The United States is the only industrialized country that does not provide paid family leave for new parents.434 The initial weeks of an infant's life are critical for bonding, establishing parent-child relationships, and laying the foundation for how children learn.435 In addition to these key cognitive and developmental milestones, the initial weeks are also critical for breastfeeding success, with rapid return to work shortening breastfeeding duration.436 In addition to positive health outcomes, paid parental leave models also ensure ongoing employment and family income, reducing stressors on new parents and ensuring greater productivity when parents return to work.437

Healthy pregnancies must also be complemented with long-term family economic security, as even temporary experiences of child poverty can have long-term developmental and health effects.438 17.4 percent of children under the age of six lived in poverty in 2018 — over four million children.439 Younger adults are having a harder time accumulating the financial resources needed to support families than past generations, in part driven by stagnating wages, underemployment, and substantial student debt.440 Broader economic reforms to raise wages and targeted measures for low-income families, like the Child Tax Credit, strengthen family economic security and enhance children's overall health and development.441


Community determinants shape children's development and family supports, with an association between a child's ZIP code and risk factors for adverse birth outcomes.442 A history of underinvestment in rural and certain urban communities, in part driven by segregation and racial discrimination in housing practices, can impact the prevalence of food security and health outcomes.443 Food swamps — areas with a high-density of restaurants or stores selling high-calorie fast food or junk food — are associated with higher rates of obesity and may lack a broad range of available healthy foods.444 The 2009 food package changes — which shaped stocking practices in authorized WIC retail grocery stores — are associated with expanded access to healthy foods in low-income neighborhoods.445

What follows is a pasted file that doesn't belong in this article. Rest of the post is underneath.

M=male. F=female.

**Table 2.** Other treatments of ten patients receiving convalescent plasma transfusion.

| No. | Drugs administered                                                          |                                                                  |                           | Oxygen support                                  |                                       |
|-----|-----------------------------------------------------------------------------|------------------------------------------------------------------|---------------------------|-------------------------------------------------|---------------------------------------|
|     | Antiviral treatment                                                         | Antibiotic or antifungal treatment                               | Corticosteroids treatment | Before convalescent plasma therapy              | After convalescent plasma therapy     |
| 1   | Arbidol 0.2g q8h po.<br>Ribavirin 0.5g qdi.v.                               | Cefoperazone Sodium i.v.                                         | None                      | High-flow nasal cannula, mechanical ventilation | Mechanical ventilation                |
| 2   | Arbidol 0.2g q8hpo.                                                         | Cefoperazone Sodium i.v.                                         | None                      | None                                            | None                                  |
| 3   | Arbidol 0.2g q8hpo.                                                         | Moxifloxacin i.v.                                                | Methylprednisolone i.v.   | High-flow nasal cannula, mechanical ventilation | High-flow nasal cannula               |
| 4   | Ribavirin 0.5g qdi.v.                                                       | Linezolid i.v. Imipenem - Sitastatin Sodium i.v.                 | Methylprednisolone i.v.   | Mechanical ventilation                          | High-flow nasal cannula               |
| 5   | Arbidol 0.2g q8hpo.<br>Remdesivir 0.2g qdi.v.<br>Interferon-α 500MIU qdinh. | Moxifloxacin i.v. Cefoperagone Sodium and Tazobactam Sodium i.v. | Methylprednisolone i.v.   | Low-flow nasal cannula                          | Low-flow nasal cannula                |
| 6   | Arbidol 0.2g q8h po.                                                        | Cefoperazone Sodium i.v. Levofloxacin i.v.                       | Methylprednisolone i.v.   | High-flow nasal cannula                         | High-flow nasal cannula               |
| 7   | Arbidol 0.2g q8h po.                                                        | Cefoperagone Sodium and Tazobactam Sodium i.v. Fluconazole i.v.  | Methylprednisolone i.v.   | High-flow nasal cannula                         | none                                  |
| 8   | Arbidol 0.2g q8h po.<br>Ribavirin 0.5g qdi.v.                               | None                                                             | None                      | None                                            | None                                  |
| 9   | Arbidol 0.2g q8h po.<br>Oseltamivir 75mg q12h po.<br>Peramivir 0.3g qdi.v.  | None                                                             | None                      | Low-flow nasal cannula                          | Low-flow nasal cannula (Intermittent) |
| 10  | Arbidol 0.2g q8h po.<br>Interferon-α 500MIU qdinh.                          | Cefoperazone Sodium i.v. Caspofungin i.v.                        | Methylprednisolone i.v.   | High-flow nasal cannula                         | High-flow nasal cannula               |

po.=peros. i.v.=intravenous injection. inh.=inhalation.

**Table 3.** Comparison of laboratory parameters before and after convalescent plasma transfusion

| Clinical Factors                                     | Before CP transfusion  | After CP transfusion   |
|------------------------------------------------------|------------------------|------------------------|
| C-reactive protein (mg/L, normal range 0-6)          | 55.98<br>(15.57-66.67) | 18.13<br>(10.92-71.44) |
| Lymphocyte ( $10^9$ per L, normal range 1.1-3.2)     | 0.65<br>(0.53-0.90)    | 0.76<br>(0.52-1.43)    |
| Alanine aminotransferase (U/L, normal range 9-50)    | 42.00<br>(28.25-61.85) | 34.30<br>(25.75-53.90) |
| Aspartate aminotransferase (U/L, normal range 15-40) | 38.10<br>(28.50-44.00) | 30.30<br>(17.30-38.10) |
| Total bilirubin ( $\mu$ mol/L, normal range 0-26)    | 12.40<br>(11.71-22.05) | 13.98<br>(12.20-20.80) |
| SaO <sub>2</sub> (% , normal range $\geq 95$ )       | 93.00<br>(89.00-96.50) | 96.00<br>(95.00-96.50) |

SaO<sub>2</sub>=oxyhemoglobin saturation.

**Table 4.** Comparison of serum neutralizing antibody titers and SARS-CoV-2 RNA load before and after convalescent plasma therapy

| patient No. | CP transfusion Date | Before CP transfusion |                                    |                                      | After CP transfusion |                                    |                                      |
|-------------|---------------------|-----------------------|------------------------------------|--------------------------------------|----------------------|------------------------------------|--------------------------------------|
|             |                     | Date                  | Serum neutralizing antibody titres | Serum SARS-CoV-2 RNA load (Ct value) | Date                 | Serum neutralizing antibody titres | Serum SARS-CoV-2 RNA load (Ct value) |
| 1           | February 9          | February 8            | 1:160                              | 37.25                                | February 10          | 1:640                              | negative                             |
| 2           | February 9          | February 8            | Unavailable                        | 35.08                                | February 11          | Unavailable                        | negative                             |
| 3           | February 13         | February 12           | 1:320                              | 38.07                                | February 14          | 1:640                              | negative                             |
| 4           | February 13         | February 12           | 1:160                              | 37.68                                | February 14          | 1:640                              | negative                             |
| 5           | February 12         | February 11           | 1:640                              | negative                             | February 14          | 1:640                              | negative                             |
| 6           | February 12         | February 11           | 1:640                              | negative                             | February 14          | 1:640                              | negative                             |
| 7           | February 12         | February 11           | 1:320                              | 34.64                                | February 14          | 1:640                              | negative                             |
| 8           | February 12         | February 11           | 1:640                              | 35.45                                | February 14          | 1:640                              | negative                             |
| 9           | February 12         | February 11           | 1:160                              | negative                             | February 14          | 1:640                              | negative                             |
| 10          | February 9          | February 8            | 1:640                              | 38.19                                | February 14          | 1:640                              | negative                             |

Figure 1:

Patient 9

Other metrics of community development, including broadband access, can affect community development and shape health outcomes for young children. Approximately 18.3 million people in the United States lack access to fixed broadband service, with nearly one-fourth of rural communities (22 percent) lacking access to this critical utility.446 Rural tribal lands are disproportionately impacted, with 28 percent unable to access broadband.447 Rural broadband access is especially critical as healthcare providers utilize telehealth technologies to deliver care and resolve barriers to access like transportation and social distancing during COVID-19.448 WIC retailers will increasingly need to demonstrate internet connectivity to operate electronic-benefit transfer (EBT)/e-WIC systems and new transaction models, like online purchasing.449 As State WIC Agencies increasingly rely on alternative service delivery models for remote access, nutrition education, and client consultations, internet connectivity will be essential to assure quality access to these essential services.